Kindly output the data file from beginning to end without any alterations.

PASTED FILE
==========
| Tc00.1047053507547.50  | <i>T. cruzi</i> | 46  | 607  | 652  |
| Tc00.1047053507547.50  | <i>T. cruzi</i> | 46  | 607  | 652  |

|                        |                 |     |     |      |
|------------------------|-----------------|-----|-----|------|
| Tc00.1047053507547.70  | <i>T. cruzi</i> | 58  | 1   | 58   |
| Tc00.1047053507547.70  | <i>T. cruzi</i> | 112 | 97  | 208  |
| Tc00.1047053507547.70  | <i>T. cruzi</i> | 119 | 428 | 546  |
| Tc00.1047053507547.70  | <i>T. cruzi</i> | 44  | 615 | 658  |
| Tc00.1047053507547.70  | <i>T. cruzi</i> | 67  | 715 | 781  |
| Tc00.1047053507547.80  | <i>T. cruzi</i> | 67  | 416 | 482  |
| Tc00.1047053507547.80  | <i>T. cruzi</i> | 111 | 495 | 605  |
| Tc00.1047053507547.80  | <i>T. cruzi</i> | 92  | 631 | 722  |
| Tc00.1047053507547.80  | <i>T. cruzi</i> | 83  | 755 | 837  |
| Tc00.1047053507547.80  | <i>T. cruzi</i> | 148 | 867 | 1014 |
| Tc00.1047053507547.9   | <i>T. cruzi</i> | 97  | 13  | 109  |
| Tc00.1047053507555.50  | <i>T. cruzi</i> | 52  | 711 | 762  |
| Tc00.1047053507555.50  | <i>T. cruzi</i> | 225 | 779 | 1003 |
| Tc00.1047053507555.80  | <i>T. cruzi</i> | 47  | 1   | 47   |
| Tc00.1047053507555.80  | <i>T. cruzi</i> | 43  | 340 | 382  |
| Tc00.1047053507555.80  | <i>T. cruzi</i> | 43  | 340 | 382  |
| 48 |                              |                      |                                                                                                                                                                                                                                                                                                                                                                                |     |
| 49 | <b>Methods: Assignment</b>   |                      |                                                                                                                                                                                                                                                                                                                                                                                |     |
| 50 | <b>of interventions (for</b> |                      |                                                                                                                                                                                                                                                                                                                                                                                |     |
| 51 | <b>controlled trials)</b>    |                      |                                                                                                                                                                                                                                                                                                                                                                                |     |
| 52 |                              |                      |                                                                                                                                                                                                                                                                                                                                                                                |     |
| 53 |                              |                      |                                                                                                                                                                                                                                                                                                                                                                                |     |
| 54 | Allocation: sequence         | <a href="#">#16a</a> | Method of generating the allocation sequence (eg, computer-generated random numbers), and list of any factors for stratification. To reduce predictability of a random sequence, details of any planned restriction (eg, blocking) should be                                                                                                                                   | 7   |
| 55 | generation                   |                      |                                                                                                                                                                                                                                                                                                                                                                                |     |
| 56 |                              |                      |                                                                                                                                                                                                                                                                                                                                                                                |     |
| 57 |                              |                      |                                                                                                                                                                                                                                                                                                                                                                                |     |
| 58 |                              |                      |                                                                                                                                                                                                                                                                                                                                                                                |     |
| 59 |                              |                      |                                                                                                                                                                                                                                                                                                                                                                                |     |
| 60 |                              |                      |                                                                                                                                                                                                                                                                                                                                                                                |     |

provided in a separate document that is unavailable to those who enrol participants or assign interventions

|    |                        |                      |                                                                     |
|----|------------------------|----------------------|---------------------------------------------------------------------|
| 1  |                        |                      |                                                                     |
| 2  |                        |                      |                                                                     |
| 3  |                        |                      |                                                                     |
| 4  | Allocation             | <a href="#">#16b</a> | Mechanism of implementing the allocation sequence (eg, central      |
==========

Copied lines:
| Tc00.1047053507547.50  | <i>T. cruzi</i> | 46  | 607  | 652  |
| Tc00.1047053507547.50  | <i>T. cruzi</i> | 46  | 607  | 652  |

|                        |                 |     |     |      |
|------------------------|-----------------|-----|-----|------|
| Tc00.1047053507547.70  | <i>T. cruzi</i> | 58  | 1   | 58   |
| Tc00.1047053507547.70  | <i>T. cruzi</i> | 112 | 97  | 208  |
| Tc00.1047053507547.70  | <i>T. cruzi</i> | 119 | 428 | 546  |
| Tc00.1047053507547.70  | <i>T. cruzi</i> | 44  | 615 | 658  |
| Tc00.1047053507547.70  | <i>T. cruzi</i> | 67  | 715 | 781  |
| Tc00.1047053507547.80  | <i>T. cruzi</i> | 67  | 416 | 482  |
| Tc00.1047053507547.80  | <i>T. cruzi</i> | 111 | 495 | 605  |
| Tc00.1047053507547.80  | <i>T. cruzi</i> | 92  | 631 | 722  |
| Tc00.1047053507547.80  | <i>T. cruzi</i> | 83  | 755 | 837  |
| Tc00.1047053507547.80  | <i>T. cruzi</i> | 148 | 867 | 1014 |
| Tc00.1047053507547.9   | <i>T. cruzi</i> | 97  | 13  | 109  |
| Tc00.1047053507555.50  | <i>T. cruzi</i> | 52  | 711 | 762  |
| Tc00.1047053507555.50  | <i>T. cruzi</i> | 225 | 779 | 1003 |
| Tc00.1047053507555.80  | <i>T. cruzi</i> | 47  | 1   | 47   |
| Tc00.1047053507555.80  | <i>T. cruzi</i> | 43  | 340 | 382  |
| Tc00.1047053507555.80  | <i>T. cruzi</i> | 43  | 340 | 382  |
| 48 |                              |                      |                                                                                                                                                                                                                                                                                                                                                                                |     |
| 49 | <b>Methods: Assignment</b>   |                      |                                                                                                                                                                                                                                                                                                                                                                                |     |
| 50 | <b>of interventions (for</b> |                      |                                                                                                                                                                                                                                                                                                                                                                                |     |
| 51 | <b>controlled trials)</b>    |                      |                                                                                                                                                                                                                                                                                                                                                                                |     |
| 52 |                              |                      |                                                                                                                                                                                                                                                                                                                                                                                |     |
| 53 |                              |                      |                                                                                                                                                                                                                                                                                                                                                                                |     |
| 54 | Allocation: sequence         | <a href="#">#16a</a> | Method of generating the allocation sequence (eg, computer-generated random numbers), and list of any factors for stratification. To reduce predictability of a random sequence, details of any planned restriction (eg, blocking) should be                                                                                                                                   | 7   |
| 55 | generation                   |                      |                                                                                                                                                                                                                                                                                                                                                                                |     |
| 56 |                              |                      |                                                                                                                                                                                                                                                                                                                                                                                |     |
| 57 |                              |                      |                                                                                                                                                                                                                                                                                                                                                                                |     |
| 58 |                              |                      |                                                                                                                                                                                                                                                                                                                                                                                |     |
| 59 |                              |                      |                                                                                                                                                                                                                                                                                                                                                                                |     |
| 60 |                              |                      |                                                                                                                                                                                                                                                                                                                                                                                |     |

provided in a separate document that is unavailable to those who enrol participants or assign interventions

|    |                        |                      |                                                                     |
|----|------------------------|----------------------|---------------------------------------------------------------------|
| 1  |                        |                      |                                                                     |
| 2  |                        |                      |                                                                     |
| 3  |                        |                      |                                                                     |
| 4  | Allocation             | <a href="#">#16b</a> | Mechanism of implementing the allocation sequence (eg, central      |